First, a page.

Whistleblower powers. Del. Eleanor Holmes Norton introduced legislation last week, the Congress Leads by Example Act of 2022 (H.R. 8743), to grant Legislative branch employees greater whistleblower and other antidiscrimination protections for occupational safety and health complaints. The bill would put into effect recommendations from the Office of Congressional Workplace Rights to:

  • Bring the Legislative branch in line with the legal requirements of private sector employers and the Executive branch;
  • Provide subpoena authority to OCWR to conduct inspections and investigations into OSHA violations;
  • Prohibit Legislative branch offices from making adverse employment decisions on the basis of an employee’s wage garnishment or involvement in bankruptcy proceedings; and
  • Bolster the CAA’s recordkeeping requirements.
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First Branch Forecast for August 1, 2022: Reconciliation


This week. The House floor is closed until Sept.13 (with committee work starting on Sept. 6); the Senate is in for its last scheduled week until Sept. 6. The Senate will stick around until it passes the “Inflation Reduction Act,” AKA mini-reconciliation, timing depending on Democratic Members not testing positive for COVID; and the House is expected to return to pass that bill during August recess.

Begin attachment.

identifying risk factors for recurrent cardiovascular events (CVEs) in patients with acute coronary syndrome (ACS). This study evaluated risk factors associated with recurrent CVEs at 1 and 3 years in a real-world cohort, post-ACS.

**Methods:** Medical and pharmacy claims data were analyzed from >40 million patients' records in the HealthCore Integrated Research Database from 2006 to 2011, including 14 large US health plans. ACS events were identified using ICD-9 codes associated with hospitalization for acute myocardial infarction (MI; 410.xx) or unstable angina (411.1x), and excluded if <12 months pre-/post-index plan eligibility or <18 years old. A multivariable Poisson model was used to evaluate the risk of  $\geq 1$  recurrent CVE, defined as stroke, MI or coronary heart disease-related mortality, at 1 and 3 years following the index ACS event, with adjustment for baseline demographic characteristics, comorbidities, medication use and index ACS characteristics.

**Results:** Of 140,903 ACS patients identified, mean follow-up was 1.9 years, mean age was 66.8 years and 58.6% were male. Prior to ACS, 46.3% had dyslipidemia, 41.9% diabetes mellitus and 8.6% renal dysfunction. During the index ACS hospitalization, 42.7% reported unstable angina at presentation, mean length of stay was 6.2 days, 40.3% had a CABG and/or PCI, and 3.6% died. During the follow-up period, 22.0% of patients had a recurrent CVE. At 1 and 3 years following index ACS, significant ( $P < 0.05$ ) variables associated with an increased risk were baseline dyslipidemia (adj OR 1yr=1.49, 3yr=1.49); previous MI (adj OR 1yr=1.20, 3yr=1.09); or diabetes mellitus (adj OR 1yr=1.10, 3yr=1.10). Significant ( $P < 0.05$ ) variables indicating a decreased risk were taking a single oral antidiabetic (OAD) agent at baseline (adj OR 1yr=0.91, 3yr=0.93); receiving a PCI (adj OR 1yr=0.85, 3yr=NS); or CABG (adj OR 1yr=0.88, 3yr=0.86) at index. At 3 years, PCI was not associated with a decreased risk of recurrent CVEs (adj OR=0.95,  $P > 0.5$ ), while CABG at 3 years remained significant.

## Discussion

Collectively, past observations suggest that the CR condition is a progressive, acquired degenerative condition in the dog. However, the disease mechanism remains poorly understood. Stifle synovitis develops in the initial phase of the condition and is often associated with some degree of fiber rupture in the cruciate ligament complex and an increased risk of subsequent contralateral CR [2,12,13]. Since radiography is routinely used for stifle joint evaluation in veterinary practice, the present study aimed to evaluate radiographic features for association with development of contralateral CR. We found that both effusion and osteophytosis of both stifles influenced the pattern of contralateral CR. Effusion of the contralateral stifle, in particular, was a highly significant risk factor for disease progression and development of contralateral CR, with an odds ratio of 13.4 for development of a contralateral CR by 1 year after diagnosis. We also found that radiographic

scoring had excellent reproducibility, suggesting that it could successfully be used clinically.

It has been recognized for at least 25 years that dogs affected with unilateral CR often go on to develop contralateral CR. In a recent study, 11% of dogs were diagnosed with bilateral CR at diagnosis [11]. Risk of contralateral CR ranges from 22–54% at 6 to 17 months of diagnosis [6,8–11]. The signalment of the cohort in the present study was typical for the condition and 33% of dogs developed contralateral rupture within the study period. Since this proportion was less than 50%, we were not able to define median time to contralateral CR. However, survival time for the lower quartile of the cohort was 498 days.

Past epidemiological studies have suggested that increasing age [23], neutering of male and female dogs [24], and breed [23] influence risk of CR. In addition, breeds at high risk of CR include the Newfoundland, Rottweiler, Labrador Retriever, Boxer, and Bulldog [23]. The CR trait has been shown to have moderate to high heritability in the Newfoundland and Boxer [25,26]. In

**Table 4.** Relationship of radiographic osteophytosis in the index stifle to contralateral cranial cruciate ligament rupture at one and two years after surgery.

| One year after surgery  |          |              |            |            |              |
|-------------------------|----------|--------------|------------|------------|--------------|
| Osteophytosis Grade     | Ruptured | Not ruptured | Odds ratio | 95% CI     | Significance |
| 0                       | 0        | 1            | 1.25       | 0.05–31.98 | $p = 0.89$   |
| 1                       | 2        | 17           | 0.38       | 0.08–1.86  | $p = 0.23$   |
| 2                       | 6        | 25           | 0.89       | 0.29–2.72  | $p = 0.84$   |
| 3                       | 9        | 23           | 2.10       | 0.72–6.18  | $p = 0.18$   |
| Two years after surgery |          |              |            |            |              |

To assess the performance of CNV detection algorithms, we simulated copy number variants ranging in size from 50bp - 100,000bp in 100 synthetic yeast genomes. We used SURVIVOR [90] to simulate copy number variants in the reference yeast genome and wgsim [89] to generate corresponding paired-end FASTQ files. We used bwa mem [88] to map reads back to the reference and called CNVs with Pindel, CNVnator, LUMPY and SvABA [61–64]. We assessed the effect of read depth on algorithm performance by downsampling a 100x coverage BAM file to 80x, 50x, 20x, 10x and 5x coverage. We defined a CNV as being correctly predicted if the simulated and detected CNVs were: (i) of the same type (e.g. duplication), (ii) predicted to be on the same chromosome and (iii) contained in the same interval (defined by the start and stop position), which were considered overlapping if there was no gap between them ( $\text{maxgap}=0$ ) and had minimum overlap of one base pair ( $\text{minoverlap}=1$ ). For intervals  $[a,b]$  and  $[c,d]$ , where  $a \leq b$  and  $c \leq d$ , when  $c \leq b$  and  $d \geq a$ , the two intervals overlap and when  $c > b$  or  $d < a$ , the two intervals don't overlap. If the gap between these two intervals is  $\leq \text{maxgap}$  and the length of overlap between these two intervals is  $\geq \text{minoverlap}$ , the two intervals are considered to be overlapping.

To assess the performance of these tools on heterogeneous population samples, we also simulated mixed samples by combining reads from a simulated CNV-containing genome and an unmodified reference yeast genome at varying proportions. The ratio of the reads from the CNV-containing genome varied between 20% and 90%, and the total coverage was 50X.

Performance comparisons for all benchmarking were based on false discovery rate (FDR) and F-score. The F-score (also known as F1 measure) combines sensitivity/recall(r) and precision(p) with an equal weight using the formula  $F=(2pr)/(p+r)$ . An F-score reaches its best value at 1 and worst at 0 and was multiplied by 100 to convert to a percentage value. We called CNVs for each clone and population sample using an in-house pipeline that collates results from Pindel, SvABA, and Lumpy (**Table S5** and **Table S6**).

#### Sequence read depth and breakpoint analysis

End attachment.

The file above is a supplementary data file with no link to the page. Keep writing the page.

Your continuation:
In Senate committee news this week: the Judiciary Cmte will hold a hearing on antitrust remedies (but Sen. Schumer still hasn’t scheduled antitrust bills for a floor vote). HSGAC will hold a markup of a few good-government bills. And Senate Rules Cmte will hold a hearing on the Electoral Count Act, following up on the bipartisan proposal to reform the ECA. We note some Members are voicing dissatisfaction with the proposal — as Rep. Raskin told Politico, the effort is “fine and necessary, but not remotely sufficient to meet the magnitude of the threat against democracy now.” (The Jan. 6 panel reportedly plans to release its own slate of recommendations for stopping the stealing of elections this fall, a time when there is the least amount of legislative runway.)